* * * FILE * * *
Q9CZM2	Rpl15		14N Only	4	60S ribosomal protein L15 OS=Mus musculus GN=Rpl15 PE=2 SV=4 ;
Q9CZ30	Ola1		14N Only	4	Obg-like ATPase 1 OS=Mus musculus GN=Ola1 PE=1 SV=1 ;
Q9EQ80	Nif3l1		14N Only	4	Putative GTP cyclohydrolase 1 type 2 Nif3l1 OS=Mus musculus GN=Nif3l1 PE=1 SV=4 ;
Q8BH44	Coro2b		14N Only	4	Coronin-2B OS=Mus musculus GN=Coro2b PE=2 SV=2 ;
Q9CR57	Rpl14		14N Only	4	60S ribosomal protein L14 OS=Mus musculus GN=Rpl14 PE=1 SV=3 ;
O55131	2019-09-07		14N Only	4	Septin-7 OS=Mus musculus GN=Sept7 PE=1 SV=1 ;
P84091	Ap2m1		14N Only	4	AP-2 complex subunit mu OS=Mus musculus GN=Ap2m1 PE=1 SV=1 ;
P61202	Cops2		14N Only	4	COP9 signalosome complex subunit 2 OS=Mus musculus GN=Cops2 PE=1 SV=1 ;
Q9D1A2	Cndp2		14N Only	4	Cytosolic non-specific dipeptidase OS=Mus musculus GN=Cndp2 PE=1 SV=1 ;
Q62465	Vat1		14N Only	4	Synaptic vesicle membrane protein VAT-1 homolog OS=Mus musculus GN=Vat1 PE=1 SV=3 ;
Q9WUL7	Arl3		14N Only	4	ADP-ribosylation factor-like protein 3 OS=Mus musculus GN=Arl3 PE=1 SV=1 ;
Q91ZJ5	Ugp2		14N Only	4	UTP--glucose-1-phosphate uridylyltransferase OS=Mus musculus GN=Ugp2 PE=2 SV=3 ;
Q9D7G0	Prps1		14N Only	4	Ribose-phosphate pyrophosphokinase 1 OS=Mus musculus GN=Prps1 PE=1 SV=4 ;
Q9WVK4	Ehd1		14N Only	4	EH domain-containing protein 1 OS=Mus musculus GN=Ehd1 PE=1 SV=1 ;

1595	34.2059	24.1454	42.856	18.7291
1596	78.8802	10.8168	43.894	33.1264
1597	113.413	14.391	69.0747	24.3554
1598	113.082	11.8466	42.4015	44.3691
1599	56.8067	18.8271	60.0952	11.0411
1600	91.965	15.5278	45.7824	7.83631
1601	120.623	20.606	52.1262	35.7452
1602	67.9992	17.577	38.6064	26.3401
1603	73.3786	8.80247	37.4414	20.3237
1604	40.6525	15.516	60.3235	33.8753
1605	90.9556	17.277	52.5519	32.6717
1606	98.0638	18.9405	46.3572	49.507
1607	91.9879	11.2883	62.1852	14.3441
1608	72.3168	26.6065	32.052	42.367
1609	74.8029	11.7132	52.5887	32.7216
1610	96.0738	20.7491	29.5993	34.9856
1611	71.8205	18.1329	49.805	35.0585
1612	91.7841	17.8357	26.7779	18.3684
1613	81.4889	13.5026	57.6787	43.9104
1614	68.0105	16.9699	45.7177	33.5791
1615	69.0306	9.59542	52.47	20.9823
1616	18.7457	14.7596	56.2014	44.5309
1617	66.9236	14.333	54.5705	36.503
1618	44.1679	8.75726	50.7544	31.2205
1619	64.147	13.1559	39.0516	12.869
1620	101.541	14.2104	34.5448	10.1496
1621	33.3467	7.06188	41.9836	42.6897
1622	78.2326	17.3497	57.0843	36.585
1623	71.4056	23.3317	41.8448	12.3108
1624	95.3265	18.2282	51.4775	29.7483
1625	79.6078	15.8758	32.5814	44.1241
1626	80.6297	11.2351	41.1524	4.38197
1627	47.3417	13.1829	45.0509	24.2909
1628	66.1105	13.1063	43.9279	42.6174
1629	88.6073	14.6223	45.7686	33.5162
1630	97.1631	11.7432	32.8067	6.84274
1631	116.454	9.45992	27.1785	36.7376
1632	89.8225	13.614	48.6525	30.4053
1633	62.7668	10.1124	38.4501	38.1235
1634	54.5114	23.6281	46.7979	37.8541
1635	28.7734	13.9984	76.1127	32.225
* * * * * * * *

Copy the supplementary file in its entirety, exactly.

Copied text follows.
Q9CZM2	Rpl15		14N Only	4	60S ribosomal protein L15 OS=Mus musculus GN=Rpl15 PE=2 SV=4 ;
Q9CZ30	Ola1		14N Only	4	Obg-like ATPase 1 OS=Mus musculus GN=Ola1 PE=1 SV=1 ;
Q9EQ80	Nif3l1		14N Only	4	Putative GTP cyclohydrolase 1 type 2 Nif3l1 OS=Mus musculus GN=Nif3l1 PE=1 SV=4 ;
Q8BH44	Coro2b		14N Only	4	Coronin-2B OS=Mus musculus GN=Coro2b PE=2 SV=2 ;
Q9CR57	Rpl14		14N Only	4	60S ribosomal protein L14 OS=Mus musculus GN=Rpl14 PE=1 SV=3 ;
O55131	2019-09-07		14N Only	4	Septin-7 OS=Mus musculus GN=Sept7 PE=1 SV=1 ;
P84091	Ap2m1		14N Only	4	AP-2 complex subunit mu OS=Mus musculus GN=Ap2m1 PE=1 SV=1 ;
P61202	Cops2		14N Only	4	COP9 signalosome complex subunit 2 OS=Mus musculus GN=Cops2 PE=1 SV=1 ;
Q9D1A2	Cndp2		14N Only	4	Cytosolic non-specific dipeptidase OS=Mus musculus GN=Cndp2 PE=1 SV=1 ;
Q62465	Vat1		14N Only	4	Synaptic vesicle membrane protein VAT-1 homolog OS=Mus musculus GN=Vat1 PE=1 SV=3 ;
Q9WUL7	Arl3		14N Only	4	ADP-ribosylation factor-like protein 3 OS=Mus musculus GN=Arl3 PE=1 SV=1 ;
Q91ZJ5	Ugp2		14N Only	4	UTP--glucose-1-phosphate uridylyltransferase OS=Mus musculus GN=Ugp2 PE=2 SV=3 ;
Q9D7G0	Prps1		14N Only	4	Ribose-phosphate pyrophosphokinase 1 OS=Mus musculus GN=Prps1 PE=1 SV=4 ;
Q9WVK4	Ehd1		14N Only	4	EH domain-containing protein 1 OS=Mus musculus GN=Ehd1 PE=1 SV=1 ;

1595	34.2059	24.1454	42.856	18.7291
1596	78.8802	10.8168	43.894	33.1264
1597	113.413	14.391	69.0747	24.3554
1598	113.082	11.8466	42.4015	44.3691
1599	56.8067	18.8271	60.0952	11.0411
1600	91.965	15.5278	45.7824	7.83631
1601	120.623	20.606	52.1262	35.7452
1602	67.9992	17.577	38.6064	26.3401
1603	73.3786	8.80247	37.4414	20.3237
1604	40.6525	15.516	60.3235	33.8753
1605	90.9556	17.277	52.5519	32.6717
1606	98.0638	18.9405	46.3572	49.507
1607	91.9879	11.2883	62.1852	14.3441
1608	72.3168	26.6065	32.052	42.367
1609	74.8029	11.7132	52.5887	32.7216
1610	96.0738	20.7491	29.5993	34.9856
1611	71.8205	18.1329	49.805	35.0585
1612	91.7841	17.8357	26.7779	18.3684
1613	81.4889	13.5026	57.6787	43.9104
1614	68.0105	16.9699	45.7177	33.5791
1615	69.0306	9.59542	52.47	20.9823
1616	18.7457	14.7596	56.2014	44.5309
1617	66.9236	14.333	54.5705	36.503
1618	44.1679	8.75726	50.7544	31.2205
1619	64.147	13.1559	39.0516	12.869
1620	101.541	14.2104	34.5448	10.1496
1621	33.3467	7.06188	41.9836	42.6897
1622	78.2326	17.3497	57.0843	36.585
1623	71.4056	23.3317	41.8448	12.3108
1624	95.3265	18.2282	51.4775	29.7483
1625	79.6078	15.8758	32.5814	44.1241
1626	80.6297	11.2351	41.1524	4.38197
1627	47.3417	13.1829	45.0509	24.2909
1628	66.1105	13.1063	43.9279	42.6174
1629	88.6073	14.6223	45.7686	33.5162
1630	97.1631	11.7432	32.8067	6.84274
1631	116.454	9.45992	27.1785	36.7376
1632	89.8225	13.614	48.6525	30.4053
1633	62.7668	10.1124	38.4501	38.1235
1634	54.5114	23.6281	46.7979	37.8541
1635	28.7734	13.9984	76.1127	32.225